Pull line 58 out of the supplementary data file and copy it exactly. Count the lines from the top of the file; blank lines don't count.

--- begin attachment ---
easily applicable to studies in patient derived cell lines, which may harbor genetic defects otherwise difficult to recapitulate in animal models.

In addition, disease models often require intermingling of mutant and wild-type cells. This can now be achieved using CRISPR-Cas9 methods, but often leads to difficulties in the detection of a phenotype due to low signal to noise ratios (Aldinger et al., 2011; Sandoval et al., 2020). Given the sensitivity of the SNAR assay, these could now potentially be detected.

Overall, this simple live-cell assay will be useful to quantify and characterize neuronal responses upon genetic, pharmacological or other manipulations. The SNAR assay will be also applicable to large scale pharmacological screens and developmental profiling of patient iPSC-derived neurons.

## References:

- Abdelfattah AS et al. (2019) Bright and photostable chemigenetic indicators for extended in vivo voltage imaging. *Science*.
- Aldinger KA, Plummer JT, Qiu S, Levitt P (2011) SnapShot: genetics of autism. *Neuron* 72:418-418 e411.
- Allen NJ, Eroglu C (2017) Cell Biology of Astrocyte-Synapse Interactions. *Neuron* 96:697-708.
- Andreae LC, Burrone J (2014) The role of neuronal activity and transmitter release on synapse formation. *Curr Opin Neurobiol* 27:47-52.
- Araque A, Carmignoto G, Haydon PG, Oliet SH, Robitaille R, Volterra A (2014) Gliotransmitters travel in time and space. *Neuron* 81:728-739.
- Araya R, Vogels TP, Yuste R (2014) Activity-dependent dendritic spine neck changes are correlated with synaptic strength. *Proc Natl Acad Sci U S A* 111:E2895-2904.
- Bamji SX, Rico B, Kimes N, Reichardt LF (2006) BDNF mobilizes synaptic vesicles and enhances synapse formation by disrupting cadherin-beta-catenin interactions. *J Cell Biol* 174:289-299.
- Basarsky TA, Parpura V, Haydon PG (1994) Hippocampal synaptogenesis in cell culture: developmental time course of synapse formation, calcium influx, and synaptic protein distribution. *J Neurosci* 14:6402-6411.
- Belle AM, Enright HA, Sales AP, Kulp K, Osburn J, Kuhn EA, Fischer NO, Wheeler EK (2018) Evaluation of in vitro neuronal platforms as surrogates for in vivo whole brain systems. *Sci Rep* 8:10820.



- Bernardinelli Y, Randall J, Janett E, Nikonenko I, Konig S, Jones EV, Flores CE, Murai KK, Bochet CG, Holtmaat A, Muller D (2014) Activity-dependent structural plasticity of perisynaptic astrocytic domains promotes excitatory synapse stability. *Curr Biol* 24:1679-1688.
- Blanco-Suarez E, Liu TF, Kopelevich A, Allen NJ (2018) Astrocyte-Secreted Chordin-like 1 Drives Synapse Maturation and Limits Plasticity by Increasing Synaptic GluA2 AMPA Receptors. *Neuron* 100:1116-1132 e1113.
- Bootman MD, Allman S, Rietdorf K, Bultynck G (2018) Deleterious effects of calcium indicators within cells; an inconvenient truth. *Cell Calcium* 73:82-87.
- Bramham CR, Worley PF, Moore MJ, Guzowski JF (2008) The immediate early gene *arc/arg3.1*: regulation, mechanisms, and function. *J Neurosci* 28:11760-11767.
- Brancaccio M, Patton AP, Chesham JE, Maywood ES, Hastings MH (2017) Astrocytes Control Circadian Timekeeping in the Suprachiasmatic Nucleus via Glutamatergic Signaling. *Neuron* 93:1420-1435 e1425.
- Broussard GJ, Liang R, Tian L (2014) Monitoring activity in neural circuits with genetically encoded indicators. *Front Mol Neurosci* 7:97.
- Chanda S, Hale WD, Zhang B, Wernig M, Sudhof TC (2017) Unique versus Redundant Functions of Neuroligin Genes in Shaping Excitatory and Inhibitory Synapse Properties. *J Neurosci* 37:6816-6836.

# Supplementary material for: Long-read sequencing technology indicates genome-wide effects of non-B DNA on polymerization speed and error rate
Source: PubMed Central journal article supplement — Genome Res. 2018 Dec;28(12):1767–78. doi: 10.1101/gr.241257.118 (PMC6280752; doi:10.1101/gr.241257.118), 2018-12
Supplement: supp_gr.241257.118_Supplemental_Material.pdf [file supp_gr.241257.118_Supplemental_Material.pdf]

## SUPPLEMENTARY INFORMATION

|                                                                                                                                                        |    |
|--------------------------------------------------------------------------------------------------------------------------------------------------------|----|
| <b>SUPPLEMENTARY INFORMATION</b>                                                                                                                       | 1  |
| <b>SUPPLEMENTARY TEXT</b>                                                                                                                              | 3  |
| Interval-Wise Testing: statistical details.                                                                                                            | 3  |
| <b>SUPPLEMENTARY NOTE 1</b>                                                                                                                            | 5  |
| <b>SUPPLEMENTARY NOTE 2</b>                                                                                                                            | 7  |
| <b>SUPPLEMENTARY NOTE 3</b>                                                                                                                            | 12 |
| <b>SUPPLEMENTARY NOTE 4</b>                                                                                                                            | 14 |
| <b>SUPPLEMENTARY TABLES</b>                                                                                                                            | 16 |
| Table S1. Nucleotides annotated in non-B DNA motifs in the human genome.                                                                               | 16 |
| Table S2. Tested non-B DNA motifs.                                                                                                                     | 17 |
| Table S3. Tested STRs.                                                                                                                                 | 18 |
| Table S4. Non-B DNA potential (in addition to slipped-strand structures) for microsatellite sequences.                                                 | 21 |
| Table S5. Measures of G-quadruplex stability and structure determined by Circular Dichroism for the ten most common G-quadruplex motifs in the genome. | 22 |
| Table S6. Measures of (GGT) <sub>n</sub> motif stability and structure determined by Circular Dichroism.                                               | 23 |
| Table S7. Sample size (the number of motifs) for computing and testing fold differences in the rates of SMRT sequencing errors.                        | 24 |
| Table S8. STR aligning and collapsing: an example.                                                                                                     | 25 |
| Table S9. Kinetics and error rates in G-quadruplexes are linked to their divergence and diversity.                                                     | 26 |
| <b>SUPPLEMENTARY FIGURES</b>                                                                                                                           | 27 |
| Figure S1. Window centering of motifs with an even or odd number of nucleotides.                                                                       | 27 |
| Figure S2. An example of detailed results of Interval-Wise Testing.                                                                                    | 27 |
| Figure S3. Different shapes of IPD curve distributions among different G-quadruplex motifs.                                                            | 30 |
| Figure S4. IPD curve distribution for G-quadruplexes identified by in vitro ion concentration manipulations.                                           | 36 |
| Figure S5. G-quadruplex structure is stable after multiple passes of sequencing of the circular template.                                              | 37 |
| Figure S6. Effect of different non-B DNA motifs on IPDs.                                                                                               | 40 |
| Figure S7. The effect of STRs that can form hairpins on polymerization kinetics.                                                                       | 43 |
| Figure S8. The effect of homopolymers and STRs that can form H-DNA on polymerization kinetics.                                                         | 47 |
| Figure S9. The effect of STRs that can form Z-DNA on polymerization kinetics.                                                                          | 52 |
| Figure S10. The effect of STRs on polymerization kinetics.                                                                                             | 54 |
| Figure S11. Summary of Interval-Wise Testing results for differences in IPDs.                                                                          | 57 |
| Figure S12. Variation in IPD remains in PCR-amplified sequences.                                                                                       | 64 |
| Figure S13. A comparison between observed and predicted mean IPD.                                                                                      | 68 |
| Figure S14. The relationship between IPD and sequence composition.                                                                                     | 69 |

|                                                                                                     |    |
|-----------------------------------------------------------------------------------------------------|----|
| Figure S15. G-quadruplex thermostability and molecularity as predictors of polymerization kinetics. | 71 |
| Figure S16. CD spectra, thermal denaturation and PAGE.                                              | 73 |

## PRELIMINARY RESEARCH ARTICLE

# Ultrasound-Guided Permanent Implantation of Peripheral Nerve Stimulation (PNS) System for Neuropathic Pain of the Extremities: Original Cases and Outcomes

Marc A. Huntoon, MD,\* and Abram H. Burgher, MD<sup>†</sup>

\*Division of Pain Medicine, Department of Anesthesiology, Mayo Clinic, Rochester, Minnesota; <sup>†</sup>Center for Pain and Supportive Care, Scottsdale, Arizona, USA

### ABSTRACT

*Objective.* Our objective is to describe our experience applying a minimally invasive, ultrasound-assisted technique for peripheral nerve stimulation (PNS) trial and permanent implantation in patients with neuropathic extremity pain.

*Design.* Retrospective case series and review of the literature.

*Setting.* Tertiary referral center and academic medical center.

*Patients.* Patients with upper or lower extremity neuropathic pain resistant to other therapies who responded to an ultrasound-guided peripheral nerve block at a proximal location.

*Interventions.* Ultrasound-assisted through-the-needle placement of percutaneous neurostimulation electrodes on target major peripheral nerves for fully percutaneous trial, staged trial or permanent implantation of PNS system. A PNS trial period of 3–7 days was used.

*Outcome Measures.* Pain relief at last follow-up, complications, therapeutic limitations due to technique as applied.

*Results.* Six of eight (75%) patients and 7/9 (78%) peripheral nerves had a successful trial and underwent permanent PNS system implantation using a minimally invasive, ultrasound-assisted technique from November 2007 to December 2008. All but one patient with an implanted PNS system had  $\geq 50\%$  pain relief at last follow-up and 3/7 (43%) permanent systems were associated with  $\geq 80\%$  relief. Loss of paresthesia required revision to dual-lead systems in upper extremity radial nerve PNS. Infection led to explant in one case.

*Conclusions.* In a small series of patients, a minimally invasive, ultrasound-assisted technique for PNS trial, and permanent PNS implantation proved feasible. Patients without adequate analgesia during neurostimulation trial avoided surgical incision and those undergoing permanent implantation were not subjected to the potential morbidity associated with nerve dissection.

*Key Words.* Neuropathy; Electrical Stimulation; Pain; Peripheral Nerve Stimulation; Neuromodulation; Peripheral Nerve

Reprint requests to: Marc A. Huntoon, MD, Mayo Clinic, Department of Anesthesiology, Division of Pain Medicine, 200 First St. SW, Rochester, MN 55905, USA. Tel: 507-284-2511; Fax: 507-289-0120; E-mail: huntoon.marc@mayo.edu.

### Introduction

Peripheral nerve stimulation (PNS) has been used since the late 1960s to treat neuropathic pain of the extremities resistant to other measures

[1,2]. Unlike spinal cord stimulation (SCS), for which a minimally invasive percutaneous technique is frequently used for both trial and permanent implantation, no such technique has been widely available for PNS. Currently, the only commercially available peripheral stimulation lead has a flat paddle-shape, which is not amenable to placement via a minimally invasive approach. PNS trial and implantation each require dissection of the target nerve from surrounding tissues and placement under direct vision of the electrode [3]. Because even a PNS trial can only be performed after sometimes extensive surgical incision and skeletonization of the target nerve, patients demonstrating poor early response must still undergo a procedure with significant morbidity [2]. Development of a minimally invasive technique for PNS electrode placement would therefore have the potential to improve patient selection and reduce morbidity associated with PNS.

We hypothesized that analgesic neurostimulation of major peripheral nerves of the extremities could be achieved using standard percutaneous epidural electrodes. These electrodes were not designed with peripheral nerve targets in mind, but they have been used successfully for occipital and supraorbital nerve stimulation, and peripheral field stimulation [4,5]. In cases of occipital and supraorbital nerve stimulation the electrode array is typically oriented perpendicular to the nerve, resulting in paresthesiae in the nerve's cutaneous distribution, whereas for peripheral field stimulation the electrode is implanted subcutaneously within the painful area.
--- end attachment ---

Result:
| Figure S14. The relationship between IPD and sequence composition.                                                                                     | 69 |